Rivers are responsible for creating floodplains, sandbars, estuaries, and deltas due to the sediment that they transport. However, once a dam is installed, that supply of sediment, including its nutrients, is often shut off.
In the U.S. and other countries in the Northern Hemisphere, however, many dams are more than a half-century old, and fewer dams are being built in the 21st century. Recent declines in sediment transport are relatively minimal, as a result. Dam building in Eurasia and Asia in the past 30 years, especially in China, has driven ongoing reductions in global sediment transport.
“For low-lying countries (countries that live at, near or below sea level) in delta regions, sediment supply from rivers has, in the past, been able to help offset the effects of sea level rise from climate change,” says Magilligan, “but now you’ve got the double drivers of declining sediment from dam construction and rising sea levels.” He says, “This is particularly worrisome for densely populated places like Vietnam, where sediment supply has been reduced significantly by dam activity along the Mekong River.”
The results in the north are striking and could foreshadow future changes to come for the south, as the study reports that there are more than 300 dams planned for large rivers in South America and Oceania. The Amazon River carries more sediment than any other river in the world and is a major target for these dams.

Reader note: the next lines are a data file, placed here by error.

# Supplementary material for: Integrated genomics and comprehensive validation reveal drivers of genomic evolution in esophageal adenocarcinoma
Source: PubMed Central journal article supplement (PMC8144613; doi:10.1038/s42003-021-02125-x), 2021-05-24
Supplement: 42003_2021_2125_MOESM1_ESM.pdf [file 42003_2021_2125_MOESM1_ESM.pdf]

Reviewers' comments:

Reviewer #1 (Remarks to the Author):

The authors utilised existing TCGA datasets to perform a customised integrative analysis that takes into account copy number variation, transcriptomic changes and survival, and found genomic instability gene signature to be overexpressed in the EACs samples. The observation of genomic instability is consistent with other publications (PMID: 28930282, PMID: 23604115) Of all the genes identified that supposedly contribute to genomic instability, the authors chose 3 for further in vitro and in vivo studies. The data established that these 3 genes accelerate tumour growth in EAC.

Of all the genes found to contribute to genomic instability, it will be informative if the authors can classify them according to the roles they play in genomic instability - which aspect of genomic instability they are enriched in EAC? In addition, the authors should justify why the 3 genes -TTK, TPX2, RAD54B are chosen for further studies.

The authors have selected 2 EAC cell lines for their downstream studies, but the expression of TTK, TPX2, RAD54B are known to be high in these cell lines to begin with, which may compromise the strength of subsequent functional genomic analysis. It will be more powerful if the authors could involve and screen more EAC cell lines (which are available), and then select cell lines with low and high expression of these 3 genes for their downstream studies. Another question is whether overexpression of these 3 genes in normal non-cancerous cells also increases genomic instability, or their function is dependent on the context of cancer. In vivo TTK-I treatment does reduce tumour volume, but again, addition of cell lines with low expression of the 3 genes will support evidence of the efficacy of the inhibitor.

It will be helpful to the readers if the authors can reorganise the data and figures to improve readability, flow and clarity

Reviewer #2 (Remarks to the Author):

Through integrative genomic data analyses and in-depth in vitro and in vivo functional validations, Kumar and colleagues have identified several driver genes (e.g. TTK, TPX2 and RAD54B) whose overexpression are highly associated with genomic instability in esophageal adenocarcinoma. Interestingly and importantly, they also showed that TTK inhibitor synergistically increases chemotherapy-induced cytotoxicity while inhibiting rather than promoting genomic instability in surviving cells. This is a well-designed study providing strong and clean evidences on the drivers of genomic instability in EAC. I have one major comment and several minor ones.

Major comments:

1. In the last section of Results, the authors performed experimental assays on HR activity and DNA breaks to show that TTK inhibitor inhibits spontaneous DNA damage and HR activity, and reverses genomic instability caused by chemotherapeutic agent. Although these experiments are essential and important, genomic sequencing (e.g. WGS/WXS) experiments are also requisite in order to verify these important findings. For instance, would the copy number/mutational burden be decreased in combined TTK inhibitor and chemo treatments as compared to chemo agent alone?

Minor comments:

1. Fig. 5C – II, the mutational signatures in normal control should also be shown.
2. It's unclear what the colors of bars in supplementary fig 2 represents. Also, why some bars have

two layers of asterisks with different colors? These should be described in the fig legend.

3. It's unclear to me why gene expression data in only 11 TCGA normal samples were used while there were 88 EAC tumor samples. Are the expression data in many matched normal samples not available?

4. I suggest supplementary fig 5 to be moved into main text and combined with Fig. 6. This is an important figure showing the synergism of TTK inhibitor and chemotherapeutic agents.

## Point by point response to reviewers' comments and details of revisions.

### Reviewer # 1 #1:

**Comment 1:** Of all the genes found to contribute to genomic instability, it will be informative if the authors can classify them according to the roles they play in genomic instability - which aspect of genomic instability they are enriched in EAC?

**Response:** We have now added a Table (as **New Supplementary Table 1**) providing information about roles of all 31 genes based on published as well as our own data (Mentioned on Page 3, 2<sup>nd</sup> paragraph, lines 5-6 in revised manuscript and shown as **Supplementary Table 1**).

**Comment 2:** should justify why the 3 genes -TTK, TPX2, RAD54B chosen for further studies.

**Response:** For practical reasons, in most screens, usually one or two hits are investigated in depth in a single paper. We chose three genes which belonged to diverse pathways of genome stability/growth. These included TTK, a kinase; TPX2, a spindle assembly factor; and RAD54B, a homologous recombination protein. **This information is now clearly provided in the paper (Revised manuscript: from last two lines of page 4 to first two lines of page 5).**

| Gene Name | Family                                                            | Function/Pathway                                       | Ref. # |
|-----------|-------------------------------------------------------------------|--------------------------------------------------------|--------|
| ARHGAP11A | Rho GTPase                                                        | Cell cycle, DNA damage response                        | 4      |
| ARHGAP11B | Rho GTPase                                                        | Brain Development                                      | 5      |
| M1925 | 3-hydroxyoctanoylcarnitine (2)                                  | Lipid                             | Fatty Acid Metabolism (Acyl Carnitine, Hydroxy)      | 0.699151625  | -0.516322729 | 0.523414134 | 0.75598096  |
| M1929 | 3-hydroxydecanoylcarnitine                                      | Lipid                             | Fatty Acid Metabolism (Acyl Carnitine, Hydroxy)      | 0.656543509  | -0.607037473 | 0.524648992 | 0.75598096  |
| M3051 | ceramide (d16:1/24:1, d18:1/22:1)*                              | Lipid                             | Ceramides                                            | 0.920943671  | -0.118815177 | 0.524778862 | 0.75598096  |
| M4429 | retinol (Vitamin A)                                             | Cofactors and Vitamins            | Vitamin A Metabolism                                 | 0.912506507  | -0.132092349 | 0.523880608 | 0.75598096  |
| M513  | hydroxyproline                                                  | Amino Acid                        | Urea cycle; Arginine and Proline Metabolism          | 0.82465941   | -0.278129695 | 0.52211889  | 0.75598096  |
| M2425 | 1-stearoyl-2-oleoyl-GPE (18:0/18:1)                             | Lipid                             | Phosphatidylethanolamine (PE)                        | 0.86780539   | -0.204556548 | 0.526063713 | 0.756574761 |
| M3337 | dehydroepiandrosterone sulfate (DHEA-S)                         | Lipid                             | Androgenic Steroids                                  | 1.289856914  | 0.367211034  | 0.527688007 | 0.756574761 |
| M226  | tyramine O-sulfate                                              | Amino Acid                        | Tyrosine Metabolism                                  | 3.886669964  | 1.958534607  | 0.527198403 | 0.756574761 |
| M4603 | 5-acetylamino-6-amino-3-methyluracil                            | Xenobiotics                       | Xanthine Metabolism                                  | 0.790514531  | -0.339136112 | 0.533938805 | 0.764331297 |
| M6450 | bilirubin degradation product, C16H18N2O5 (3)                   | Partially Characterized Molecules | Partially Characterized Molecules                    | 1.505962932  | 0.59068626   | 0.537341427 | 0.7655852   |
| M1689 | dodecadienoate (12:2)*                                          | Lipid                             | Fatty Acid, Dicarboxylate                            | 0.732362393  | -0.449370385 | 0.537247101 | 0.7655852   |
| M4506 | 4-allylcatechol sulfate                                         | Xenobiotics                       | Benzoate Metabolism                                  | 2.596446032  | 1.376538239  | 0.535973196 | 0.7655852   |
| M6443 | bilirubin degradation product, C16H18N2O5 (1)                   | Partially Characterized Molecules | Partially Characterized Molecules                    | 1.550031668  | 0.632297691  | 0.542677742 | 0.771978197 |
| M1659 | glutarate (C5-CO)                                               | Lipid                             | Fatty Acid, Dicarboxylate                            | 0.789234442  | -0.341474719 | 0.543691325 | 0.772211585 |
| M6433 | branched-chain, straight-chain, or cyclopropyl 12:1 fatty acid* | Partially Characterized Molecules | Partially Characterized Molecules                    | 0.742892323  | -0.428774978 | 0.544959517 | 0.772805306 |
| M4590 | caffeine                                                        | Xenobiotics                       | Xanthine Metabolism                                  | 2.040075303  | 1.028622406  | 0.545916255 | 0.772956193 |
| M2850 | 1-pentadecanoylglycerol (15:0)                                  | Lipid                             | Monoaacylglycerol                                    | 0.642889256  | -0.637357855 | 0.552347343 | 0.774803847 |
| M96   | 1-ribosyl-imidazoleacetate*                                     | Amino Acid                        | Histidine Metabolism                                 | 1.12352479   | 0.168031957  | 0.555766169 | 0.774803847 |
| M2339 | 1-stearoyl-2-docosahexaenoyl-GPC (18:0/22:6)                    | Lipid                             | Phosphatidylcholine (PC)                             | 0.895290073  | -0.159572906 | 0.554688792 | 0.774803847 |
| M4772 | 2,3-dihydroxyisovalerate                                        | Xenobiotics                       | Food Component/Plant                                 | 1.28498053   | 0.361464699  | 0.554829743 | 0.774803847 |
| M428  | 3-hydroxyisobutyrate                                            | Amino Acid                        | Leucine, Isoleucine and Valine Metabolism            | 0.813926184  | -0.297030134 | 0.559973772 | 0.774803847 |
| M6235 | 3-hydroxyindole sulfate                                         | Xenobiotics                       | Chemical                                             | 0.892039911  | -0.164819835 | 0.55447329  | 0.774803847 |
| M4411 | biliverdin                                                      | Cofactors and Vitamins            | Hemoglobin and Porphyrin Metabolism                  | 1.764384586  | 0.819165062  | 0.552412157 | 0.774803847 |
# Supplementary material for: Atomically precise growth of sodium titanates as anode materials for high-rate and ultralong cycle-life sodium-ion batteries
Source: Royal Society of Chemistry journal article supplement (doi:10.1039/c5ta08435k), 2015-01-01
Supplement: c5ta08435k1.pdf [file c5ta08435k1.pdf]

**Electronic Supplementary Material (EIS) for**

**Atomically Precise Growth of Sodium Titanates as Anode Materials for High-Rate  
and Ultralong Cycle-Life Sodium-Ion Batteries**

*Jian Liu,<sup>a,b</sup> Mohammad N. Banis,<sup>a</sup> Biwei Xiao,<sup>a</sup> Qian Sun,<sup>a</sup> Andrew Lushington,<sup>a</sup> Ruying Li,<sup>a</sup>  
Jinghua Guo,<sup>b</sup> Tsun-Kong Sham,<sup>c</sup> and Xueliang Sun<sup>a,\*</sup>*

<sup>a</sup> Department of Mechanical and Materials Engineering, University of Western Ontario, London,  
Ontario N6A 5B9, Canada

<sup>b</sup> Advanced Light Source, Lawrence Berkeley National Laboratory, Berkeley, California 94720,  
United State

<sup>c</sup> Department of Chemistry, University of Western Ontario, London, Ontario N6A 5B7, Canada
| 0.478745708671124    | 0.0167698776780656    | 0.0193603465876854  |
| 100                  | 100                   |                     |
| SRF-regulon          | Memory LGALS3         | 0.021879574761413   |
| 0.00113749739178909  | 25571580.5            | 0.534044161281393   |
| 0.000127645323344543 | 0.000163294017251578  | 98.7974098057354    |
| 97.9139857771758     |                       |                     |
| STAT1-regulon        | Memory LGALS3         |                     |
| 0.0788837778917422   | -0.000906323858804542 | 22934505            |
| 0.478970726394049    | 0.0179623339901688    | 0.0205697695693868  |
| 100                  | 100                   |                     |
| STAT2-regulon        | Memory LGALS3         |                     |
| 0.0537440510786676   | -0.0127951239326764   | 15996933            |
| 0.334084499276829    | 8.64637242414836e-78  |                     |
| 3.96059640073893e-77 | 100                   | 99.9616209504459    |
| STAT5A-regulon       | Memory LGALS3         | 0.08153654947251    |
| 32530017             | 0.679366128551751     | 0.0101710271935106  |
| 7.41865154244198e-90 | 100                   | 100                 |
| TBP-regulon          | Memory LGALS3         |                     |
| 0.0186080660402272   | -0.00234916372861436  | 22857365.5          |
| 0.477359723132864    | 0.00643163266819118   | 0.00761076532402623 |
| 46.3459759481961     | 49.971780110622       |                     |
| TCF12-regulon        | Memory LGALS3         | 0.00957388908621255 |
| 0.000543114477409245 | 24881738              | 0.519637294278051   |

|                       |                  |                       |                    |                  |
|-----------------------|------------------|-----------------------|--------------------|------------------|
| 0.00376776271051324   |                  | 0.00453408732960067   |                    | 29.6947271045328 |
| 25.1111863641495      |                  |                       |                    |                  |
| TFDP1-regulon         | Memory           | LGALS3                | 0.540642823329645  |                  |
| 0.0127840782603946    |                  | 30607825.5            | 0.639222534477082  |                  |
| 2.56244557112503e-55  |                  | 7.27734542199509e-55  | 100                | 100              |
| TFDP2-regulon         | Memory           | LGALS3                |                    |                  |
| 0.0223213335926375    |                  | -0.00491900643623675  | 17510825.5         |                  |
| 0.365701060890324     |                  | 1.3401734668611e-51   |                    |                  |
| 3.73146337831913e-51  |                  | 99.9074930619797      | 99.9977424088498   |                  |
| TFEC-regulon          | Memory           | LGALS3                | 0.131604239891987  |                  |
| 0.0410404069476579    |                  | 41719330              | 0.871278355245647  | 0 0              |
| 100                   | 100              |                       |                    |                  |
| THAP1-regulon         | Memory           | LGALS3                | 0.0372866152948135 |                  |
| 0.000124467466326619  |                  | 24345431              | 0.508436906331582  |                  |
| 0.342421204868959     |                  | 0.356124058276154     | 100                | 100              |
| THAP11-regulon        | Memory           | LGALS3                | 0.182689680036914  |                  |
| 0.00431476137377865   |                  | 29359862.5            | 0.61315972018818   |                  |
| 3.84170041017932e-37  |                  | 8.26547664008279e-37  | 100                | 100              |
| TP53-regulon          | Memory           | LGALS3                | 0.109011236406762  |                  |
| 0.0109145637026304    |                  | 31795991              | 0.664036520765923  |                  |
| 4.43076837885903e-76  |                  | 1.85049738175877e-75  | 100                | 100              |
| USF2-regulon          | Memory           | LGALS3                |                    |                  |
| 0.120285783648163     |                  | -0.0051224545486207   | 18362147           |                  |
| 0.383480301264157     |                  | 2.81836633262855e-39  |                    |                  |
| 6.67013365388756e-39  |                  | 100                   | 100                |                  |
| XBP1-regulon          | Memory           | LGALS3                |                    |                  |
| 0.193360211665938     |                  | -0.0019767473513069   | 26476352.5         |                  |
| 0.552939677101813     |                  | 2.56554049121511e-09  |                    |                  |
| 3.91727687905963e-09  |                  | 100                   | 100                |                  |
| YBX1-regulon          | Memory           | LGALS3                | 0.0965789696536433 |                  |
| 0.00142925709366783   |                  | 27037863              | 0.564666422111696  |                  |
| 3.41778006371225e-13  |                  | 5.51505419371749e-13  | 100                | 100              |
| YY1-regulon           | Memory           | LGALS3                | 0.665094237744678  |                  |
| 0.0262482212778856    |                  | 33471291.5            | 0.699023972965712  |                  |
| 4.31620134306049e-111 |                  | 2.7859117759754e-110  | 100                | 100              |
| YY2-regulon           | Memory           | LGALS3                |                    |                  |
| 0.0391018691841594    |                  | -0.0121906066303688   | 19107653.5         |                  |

“Rivers are pretty sensitive indicators of what we’re doing to the surface of the Earth—they are sort of like a thermometer for land use change,” says co-author Carl Renshaw, the Evans Family Distinguished Professor of Earth Sciences at Dartmouth. “Yet, for rivers in the Northern Hemisphere, dams are now blocking that signal for sediment coming to the ocean.”
Renshaw says, “It’s well-established that there’s a soil loss crisis in the U.S. but we just don’t see it in the sediment export record because it’s all getting stuck behind these dams, whereas we can see the signal for rivers in the global south.”
Dethier says, “In many cases throughout the world, we have built our environment around rivers and the way that they operate, for use in agriculture, industry, recreation and tourism, and transportation, but when human activity suddenly disrupts the way rivers function, it may become difficult to adapt in real-time to such impacts.”
How dams retain sediment and how land use is increasing downstream erosion are principles the researchers hope can be used to help inform planning decisions, and land use and environmental management policies in riparian and coastal zones in the future.
More information: Evan N. Dethier et al, Rapid changes to global river suspended sediment flux by humans, Science (2022). DOI: 10.1126/science.abn7980
Journal information: Science.
Provided by Dartmouth College.